Between the lines: One factor constraining the response has been a belief — perpetuated by the Venezuelan opposition and former U.S. national security adviser John Bolton — that regime change is imminent and would simplify the return of refugees. Donor fatigue following the Syria and Rohingya tragedies may also have contributed.

The bottom line: Without greater international assistance, Venezuela's already struggling neighbors could be dragged down with it. A major public donor conference — led by the U.S., and free of regime change talk — will likely be needed to secure assistance equal to the challenges of this ongoing crisis.

Go deeper: Read the Global Americans report on the refugee crisis.

Christopher Sabatini is a senior research fellow at Chatham House, a lecturer at Columbia University and the director of Global Americans.

Go deeper

U.S. ambassador to Russia will return home briefly: State Department

John Sullivan, U.S. Ambassador to Russia, during a briefing in Moscow in 2015. Photo: Anton Novoderezhkin/TASS via Getty Images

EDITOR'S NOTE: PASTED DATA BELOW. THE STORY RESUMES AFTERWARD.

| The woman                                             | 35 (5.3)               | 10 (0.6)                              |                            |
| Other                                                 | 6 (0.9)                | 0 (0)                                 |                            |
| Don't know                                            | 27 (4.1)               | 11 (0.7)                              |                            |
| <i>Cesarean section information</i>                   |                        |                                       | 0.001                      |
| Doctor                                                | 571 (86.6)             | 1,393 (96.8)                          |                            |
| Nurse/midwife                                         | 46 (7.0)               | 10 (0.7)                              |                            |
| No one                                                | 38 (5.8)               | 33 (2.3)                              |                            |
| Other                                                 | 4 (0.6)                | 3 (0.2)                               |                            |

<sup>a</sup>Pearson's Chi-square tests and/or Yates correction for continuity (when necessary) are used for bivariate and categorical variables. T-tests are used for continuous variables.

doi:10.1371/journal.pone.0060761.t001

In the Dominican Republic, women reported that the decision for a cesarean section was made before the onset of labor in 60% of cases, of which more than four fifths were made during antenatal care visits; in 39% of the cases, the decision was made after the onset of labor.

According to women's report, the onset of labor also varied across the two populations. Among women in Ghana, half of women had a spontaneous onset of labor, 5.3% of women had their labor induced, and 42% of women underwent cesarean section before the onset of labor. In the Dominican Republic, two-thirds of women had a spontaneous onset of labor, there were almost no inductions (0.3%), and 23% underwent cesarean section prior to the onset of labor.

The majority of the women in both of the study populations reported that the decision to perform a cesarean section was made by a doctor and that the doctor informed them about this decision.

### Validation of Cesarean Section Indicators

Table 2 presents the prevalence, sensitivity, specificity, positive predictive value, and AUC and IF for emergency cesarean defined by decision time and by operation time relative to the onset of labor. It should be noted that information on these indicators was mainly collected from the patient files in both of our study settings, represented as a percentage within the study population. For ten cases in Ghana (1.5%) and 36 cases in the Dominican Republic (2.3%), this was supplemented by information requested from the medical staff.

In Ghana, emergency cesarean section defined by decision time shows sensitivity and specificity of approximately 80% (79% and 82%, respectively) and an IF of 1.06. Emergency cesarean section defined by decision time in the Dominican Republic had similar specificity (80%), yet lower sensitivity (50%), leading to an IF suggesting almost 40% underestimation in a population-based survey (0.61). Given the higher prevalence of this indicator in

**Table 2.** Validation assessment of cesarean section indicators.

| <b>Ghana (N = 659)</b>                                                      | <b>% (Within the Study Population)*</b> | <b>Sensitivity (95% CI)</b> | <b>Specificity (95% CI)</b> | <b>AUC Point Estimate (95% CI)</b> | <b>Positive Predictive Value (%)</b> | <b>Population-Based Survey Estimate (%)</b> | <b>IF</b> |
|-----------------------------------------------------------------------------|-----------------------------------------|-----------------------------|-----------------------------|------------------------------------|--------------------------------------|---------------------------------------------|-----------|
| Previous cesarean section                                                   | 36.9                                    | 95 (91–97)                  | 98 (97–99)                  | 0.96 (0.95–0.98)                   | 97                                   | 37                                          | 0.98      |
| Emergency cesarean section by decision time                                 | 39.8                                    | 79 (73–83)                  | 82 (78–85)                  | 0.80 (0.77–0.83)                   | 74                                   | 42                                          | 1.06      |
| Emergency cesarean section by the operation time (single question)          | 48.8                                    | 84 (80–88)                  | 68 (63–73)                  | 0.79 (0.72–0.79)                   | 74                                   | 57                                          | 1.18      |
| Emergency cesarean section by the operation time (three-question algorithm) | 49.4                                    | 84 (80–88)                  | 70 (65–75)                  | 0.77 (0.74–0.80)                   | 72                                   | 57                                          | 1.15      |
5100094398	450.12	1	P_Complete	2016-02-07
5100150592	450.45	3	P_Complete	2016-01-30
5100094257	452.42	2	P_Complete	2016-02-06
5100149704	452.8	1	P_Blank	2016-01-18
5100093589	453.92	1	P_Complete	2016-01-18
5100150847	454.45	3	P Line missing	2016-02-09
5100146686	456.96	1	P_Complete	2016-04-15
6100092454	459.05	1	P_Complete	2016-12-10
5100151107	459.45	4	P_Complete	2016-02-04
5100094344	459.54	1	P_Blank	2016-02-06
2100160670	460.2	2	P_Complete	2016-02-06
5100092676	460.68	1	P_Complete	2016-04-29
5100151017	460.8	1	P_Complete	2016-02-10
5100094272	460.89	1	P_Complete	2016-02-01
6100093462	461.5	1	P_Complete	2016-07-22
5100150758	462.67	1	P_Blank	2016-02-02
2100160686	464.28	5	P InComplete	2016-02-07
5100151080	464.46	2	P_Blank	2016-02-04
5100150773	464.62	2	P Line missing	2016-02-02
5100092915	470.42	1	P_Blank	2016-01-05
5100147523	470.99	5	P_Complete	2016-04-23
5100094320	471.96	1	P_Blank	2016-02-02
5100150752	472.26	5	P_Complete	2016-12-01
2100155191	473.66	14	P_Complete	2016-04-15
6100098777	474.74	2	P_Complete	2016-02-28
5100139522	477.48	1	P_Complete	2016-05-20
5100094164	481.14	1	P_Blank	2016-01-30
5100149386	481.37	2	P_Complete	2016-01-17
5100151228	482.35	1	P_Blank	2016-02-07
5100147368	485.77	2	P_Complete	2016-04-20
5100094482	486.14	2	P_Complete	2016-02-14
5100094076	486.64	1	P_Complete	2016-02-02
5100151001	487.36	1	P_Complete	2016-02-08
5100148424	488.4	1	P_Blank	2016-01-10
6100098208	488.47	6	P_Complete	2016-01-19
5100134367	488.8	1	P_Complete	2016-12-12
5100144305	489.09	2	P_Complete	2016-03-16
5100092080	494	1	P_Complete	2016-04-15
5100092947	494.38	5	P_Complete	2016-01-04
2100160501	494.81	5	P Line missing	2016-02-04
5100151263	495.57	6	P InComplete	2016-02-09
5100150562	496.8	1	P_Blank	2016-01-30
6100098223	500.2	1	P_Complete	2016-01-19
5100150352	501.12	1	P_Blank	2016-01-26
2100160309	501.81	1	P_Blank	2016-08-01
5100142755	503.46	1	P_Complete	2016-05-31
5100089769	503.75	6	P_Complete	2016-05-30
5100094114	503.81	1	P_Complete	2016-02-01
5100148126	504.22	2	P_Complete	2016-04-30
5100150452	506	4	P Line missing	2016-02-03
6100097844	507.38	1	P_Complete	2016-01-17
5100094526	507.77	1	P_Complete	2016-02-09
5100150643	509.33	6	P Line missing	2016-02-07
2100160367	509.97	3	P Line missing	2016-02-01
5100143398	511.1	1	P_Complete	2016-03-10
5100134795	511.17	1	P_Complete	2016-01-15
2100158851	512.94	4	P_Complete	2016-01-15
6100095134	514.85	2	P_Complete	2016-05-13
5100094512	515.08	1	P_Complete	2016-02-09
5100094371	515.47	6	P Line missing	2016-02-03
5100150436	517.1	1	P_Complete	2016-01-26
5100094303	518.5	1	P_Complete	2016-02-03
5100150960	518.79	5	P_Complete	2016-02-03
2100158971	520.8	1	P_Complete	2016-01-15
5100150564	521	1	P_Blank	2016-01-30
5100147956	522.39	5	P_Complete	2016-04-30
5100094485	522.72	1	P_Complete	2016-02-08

The State Department said Monday that the U.S. ambassador to Russia, John Sullivan, will now be returning to the United States this week before returning to Moscow "in the coming weeks."

Why this matters: The statement, from a State Department spokesperson, comes just hours after Axios reported that Sullivan had indicated he intended to stand his ground and stay in Russia after the Kremlin “advised” him to return home to talk with his team.

Scoop: Leaked Ukraine memo reveals scope of Russia's aggression

Russian President Vladimir Putin visits a military exposition in Sevastopol, Crimea, in Jan. 2020. Photo: Mikhail Svetlov/Getty Images

Russia has been holding last-minute military exercises near commercial shipping lanes in the Black Sea that threaten to strangle Ukraine's economy, according to an internal document from Ukraine's ministry of defense reviewed by Axios.

Why it matters: With the eyes of the world on the massive buildup of troops in eastern Ukraine, the leaked memo shows Russian forces escalating their presence on all sides of the Ukrainian border.

Elon Musk: Autopilot feature wasn't enabled in fatal Texas crash

Photo: Patrick T. Fallon/Bloomberg via Getty Images

Tesla CEO Elon Musk tweeted on Monday that "data logs recovered so far" show the car's Autopilot feature was not enabled — and it did not have access to "full self-driving mode" — in the deadly crash in Texas involving the company's electric vehicle.

Background: Local investigators said they believed the car was operating without anyone in the driver's seat. At the time of death, one man was in the passenger seat, while another was in the rear seat, KPRC 2 reports.